Identifying Food Intolerance Through an Elimination Diet

Identifying Food Intolerance Through an Elimination Diet

The ultimate purpose of elimination diets is to identify hidden food allergens that may be causing symptoms. During the elimination diet, common allergens are completely eliminated for two to three weeks. After symptoms improve, foods are added back one at a time to determine which foods provoke symptoms.

The most common and important foods to eliminate are: Dairy products, wheat, corn, soy products, citrus fruits, caffeinated and sweetened beverages, refined sugars, food additives, tap water and existing known allergens.

Early Considerations

Once you begin the elimination protocol, it’s important to note any signs or symptoms that arise when foods are reintroduced. Or symptoms that cease after elimination. Common symptoms include occasional gas, bloating, fatigue, heartburn, and more.

Upon reintroduction, if one of these occasional symptoms should occur, discontinue the food and make note of the change.

Retesting foods: Do not test foods you already know cause symptoms.

Food Sources For Testing: Test pure sources of food. Example: Do not use pizza to test cheese, because pizza also contains wheat and tomato. Do not use bread to test wheat, as it usually contains other ingredients (though flat breads might be just flour, water, and salt).

Organic sources are the best to use for testing, as you will not experience interference form pesticides, hormones or other additives, which may be used in conventional preparations.

Testing Protocol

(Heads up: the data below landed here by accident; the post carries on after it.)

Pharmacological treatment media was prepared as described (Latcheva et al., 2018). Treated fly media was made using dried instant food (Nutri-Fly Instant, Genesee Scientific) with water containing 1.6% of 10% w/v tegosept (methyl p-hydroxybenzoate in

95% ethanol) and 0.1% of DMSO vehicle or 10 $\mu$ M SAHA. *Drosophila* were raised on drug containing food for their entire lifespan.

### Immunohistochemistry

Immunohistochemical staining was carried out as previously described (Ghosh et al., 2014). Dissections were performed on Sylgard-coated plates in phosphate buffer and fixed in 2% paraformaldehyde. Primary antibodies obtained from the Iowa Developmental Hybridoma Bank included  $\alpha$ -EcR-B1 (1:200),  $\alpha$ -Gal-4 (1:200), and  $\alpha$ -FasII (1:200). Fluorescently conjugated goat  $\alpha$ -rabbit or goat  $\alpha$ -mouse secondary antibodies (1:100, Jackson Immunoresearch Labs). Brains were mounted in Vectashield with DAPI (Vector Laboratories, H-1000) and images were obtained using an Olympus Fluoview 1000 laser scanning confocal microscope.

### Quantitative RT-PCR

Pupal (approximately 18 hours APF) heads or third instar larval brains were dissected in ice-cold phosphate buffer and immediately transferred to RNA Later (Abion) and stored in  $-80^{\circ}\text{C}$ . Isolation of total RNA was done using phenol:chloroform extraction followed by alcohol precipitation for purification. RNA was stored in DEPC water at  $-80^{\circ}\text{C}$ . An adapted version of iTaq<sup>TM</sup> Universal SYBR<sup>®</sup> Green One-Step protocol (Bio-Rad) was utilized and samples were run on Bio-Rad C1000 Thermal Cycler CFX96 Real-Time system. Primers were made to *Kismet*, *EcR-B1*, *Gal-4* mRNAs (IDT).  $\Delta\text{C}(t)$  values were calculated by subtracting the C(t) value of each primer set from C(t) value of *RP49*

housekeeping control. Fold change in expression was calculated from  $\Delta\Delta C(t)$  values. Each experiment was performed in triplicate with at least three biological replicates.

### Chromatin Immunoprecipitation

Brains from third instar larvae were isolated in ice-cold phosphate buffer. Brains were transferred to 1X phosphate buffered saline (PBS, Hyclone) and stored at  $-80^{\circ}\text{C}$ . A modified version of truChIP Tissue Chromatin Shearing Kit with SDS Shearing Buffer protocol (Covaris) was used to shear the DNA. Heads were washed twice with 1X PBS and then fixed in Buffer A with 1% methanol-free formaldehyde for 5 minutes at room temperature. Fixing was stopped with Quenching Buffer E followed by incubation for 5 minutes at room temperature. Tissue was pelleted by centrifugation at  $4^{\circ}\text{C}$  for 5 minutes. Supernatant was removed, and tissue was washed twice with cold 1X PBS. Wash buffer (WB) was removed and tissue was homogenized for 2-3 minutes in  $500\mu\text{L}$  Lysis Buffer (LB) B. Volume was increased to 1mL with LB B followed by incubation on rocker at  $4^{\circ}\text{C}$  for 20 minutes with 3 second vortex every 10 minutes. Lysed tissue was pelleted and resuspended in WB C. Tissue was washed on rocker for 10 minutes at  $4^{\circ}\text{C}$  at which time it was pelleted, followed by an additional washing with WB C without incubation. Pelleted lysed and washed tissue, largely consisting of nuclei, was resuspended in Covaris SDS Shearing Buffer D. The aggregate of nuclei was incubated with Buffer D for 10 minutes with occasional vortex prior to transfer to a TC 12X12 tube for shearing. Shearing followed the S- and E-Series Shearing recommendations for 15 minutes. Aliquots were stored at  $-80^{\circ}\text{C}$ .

Be aware that food Intolerance effects usually occur within 10 minutes to 12 hours after ingestion. However, certain effects may be delayed by as much as 48 to 72 hours.

You’ll want to eat a relatively large amount of each test food. For instance, on the day to test dairy, add a large glass of cow’s milk at breakfast. If after one serving, your original symptoms return, or if you develop a occasional bloating or fatigue, do not eat any more and place it on your “Intolerant” list.

If no symptoms occur, eat the food again at lunch and supper and watch for occasional symptoms. If the food is well tolerated on the day you ate the test food, wait another 2-4 days until adding it to your “permitted” foods list.

Begin testing on a day you are feeling well (without colds, unusual headaches, flu-like symptoms, etc.). Review the list of symptoms to watch for and keep a journal of how you feel.

Reintroduction of foods: You can start reintroduction after completing a period of food elimination, commonly lasting 3-4 weeks.

If severe symptoms occur, stop the challenge. Do not start the next challenge until you have had one full day free of symptoms. Do not re-introduce the offending food for at least 90 days. Lastly, record your symptoms: When you challenge, keep a record of both your physical and behavioral symptoms.

How accurate are food intolerance blood tests?

Blood tests are not the end all be all for food intolerance testing, but they are quite helpful in giving us insight into the condition of one’s microbiome. For example, if a patient’s FAP results come back revealing a significant amount of allergens, particularly in a variety of food categories, this often times indicates that the intestinal lining has been compromised.

Another example would be if sugar intolerance comes back elevated along with brewer’s yeast, that often can be indicative of the presence of candida. It’s critical to look at the whole picture of a patient’s panel rather than just the individual foods that come back reactive.

There can also be an underlying histamine component that needs to be addressed so that intolerances can improve and the patient is able to digest and absorb various foods without these negative reactions.

With that said, as practitioners it’s important to be mindful of the naturopathic principal of “Removing the obstacle to cure”. It’s often the intolerance that is prohibiting healing to take place.